Health Spiral: Feel good↔be social↔improve health

Improving your health might be as simple as learning to be a better friend.  A study published in Psychological Science in May of 2013 shed some light on the interaction between improved social connectedness and potential changes in objective physical health measures.

Researchers taught one group of participants to meditate using loving kindness meditation, a practice known to increase feelings of love, compassion, and goodwill toward self and others.  A control group was put on a wait list and did not learn the meditative technique.  

The results: the intervention group experienced increases in their feelings of social connectedness which translated into improved vagal tone.  Because vagal tone is an objective measurement and low vagal tone is linked to high inflammation and predicts future cardiovascular problems, the researchers felt its measurement could be used to objectively measure a resulting physical health outcome.

There is strong support in the psychological literature linking positive emotions with increased social connectedness and increased social connectedness with improved health.  Generally speaking, people who experience more positive emotions show more prosocial behavior including greater inclusiveness, perspective taking, self disclosure, personal trust, and other centered focus.  Additionally, prospective based studies have shown strong links between social connectedness and improved long term health outcomes including reduced susceptibility to cardiovascular disease, infections, and possibly even cancer.

While there is ample evidence to suggest that positive social connections can improve health outcomes, it is difficult to objectively measure health improvements as a result of such interventions.  As a result, observing a change in an objective health measure such as vagal tone is an important step toward demonstrating the impact our psychological state has on our overall physical health.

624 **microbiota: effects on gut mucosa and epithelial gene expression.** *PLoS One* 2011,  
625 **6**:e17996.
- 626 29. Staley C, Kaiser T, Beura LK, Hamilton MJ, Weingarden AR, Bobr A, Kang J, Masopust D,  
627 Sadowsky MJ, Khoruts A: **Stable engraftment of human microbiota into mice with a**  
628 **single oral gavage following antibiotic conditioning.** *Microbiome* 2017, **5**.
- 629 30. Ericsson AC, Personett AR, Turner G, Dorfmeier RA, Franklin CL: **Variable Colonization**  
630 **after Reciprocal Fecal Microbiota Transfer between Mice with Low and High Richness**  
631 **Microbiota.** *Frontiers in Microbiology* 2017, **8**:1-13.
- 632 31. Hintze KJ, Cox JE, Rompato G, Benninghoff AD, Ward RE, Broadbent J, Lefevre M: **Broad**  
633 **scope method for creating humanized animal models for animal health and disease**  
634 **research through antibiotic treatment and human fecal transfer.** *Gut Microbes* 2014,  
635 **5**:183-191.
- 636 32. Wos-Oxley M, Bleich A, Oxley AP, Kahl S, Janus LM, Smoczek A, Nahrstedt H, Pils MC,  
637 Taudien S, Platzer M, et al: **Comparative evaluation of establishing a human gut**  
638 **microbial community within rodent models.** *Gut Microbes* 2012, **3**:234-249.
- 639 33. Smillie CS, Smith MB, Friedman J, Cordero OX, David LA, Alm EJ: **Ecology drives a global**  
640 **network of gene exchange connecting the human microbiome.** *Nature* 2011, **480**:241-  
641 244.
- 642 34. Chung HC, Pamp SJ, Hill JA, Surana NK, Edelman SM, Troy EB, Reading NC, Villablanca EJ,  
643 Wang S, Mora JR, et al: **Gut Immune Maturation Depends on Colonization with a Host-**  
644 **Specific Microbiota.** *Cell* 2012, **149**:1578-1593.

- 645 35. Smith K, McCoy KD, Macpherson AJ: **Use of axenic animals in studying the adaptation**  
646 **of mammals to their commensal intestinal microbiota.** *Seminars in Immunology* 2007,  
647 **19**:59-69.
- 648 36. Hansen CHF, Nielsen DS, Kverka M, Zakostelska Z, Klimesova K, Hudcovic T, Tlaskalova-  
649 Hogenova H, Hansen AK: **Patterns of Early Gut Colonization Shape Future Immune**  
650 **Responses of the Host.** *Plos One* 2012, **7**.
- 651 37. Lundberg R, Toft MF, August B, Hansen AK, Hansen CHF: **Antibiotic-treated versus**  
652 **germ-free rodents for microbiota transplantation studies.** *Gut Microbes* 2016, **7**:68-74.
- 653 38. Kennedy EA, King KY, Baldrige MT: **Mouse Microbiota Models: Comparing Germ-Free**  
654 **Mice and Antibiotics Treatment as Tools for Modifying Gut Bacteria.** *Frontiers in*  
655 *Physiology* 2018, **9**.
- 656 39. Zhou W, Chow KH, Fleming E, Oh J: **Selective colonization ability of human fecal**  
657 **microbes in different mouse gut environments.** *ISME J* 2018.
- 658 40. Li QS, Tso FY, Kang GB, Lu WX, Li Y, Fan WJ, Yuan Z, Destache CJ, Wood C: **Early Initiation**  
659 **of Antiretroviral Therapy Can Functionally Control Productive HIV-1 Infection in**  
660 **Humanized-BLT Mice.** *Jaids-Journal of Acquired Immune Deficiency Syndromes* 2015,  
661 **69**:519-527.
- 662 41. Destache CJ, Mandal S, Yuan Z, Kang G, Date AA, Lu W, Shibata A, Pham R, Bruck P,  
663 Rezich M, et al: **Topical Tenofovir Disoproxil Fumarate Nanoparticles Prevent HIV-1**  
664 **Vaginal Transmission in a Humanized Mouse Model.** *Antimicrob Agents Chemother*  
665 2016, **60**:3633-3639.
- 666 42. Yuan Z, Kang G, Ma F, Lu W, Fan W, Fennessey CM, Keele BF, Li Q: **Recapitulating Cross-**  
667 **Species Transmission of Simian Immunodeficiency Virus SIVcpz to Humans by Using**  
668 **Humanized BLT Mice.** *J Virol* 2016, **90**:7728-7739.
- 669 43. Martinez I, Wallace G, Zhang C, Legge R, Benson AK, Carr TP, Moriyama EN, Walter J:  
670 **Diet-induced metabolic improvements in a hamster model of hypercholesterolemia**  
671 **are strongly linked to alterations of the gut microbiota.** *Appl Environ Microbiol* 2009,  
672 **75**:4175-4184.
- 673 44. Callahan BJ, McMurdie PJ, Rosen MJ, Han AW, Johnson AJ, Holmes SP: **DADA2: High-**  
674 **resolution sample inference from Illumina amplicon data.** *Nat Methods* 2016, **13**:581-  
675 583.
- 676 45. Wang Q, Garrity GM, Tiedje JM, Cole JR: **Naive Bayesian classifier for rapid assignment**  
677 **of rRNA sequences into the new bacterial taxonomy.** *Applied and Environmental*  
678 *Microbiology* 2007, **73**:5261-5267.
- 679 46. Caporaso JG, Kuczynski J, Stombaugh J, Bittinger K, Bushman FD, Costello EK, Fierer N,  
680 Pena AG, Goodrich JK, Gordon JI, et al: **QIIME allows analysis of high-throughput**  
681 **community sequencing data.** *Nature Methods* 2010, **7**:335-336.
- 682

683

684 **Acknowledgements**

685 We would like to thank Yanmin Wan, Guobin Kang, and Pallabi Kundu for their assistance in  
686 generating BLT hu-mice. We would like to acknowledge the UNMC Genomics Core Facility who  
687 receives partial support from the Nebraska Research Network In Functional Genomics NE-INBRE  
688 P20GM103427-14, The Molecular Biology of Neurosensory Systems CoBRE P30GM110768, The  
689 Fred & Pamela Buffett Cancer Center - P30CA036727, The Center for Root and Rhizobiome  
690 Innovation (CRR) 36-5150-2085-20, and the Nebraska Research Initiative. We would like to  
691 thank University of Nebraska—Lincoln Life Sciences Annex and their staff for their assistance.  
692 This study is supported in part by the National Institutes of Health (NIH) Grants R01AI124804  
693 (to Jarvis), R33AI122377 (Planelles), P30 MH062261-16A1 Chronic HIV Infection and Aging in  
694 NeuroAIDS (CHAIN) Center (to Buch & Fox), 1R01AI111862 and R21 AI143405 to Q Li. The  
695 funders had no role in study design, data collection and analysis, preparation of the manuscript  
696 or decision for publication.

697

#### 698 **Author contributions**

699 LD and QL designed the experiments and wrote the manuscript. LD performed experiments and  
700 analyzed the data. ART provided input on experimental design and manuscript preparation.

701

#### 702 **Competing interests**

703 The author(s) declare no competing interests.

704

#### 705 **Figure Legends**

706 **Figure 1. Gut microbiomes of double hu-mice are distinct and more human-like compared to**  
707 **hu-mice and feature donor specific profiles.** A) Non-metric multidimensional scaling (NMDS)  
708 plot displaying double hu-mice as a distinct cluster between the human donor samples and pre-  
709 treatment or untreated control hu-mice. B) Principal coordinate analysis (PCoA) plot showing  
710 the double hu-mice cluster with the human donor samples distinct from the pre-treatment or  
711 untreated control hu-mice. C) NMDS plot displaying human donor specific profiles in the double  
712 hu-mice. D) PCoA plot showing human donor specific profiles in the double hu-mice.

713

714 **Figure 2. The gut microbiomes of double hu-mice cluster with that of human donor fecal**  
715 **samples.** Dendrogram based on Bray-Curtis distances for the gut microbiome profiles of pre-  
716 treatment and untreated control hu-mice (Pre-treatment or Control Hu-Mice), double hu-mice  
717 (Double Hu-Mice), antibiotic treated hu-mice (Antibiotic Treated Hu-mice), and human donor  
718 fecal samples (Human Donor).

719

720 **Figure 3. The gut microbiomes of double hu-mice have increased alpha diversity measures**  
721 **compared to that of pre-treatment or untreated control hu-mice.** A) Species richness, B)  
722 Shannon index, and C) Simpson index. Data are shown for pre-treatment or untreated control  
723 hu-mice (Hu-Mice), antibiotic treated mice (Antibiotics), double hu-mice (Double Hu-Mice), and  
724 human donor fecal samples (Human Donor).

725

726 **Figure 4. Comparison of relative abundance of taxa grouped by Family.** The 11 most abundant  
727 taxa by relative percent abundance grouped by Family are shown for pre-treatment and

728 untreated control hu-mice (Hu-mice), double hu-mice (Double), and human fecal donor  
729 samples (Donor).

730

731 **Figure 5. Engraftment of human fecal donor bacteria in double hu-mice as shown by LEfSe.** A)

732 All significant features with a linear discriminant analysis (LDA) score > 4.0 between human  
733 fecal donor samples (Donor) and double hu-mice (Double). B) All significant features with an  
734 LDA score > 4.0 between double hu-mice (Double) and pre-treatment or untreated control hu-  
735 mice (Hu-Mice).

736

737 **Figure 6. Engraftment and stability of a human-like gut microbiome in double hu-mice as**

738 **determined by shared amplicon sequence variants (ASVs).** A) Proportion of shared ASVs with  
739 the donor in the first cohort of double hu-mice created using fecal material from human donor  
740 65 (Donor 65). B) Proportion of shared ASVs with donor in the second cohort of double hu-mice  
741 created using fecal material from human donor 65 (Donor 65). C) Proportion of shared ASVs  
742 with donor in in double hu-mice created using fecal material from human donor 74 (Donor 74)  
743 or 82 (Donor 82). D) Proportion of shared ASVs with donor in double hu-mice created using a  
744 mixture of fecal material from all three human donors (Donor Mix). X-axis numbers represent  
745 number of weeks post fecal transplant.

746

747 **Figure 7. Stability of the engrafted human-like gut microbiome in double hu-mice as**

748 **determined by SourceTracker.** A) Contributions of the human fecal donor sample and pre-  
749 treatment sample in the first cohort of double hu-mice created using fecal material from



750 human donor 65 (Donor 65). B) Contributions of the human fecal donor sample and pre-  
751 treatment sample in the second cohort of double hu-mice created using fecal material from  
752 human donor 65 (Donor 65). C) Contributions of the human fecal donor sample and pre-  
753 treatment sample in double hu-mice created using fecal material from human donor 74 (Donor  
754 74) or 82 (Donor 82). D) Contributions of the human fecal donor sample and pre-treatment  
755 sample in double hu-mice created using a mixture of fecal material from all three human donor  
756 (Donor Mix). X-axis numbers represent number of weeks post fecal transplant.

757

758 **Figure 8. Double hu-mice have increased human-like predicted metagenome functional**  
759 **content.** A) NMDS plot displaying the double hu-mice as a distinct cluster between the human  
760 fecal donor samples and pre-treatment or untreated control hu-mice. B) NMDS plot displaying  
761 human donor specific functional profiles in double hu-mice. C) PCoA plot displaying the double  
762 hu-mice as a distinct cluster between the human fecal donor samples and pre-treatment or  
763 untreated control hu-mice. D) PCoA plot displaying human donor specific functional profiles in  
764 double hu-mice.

The bottom line: physical health and mental health are intimately linked depending upon one another for optimal function.  When we feel good we are more likely to connect with others socially and this connection is likely to improve our overall health.  Now go make a friend!   

Kok, B. E., Coffey, K. A., Cohn, M. A., Catalino, L. I., Vacharkulksemsuk, T., Algoe, S. B., et al. (2013). How positive emotions build physical health: Perceived positive social connections account for the upward spiral between positive emotions and vagal tone. Psychological Science. 24, 1123–1132   
















Can You Create Happiness?

Positive psychology has taken the world by storm in the last 16 years.  Researchers from vaunted academic institutions such as Harvard, North Carolina, The University of California, and the University of Pennsylvania (among many others) have been burning up the nations band width through Ted talks, book tours, and media interviews.  The simple idea: what makes us happy and can we use this information to increase the general happiness level of the masses?

In the frequently cited 2005 review by Lyubomirsky, Sheldon, & Schkade, Pursuing Happiness: The Architecture of Sustainable Change, the authors theorize a model where 50% of happiness is a set or predetermined point (thought to be genetically determined), 10% is due to life circumstances, and 40% is do to intentional activities.

Studies examining the effects of various intentional activities on increasing happiness have identified several likely methods of propagating this component of our total happiness.  Activities such as committing acts of kindness, savoring joyful events, and expressing optimism or gratitude seem to be promising methods for increasing our overall happiness level.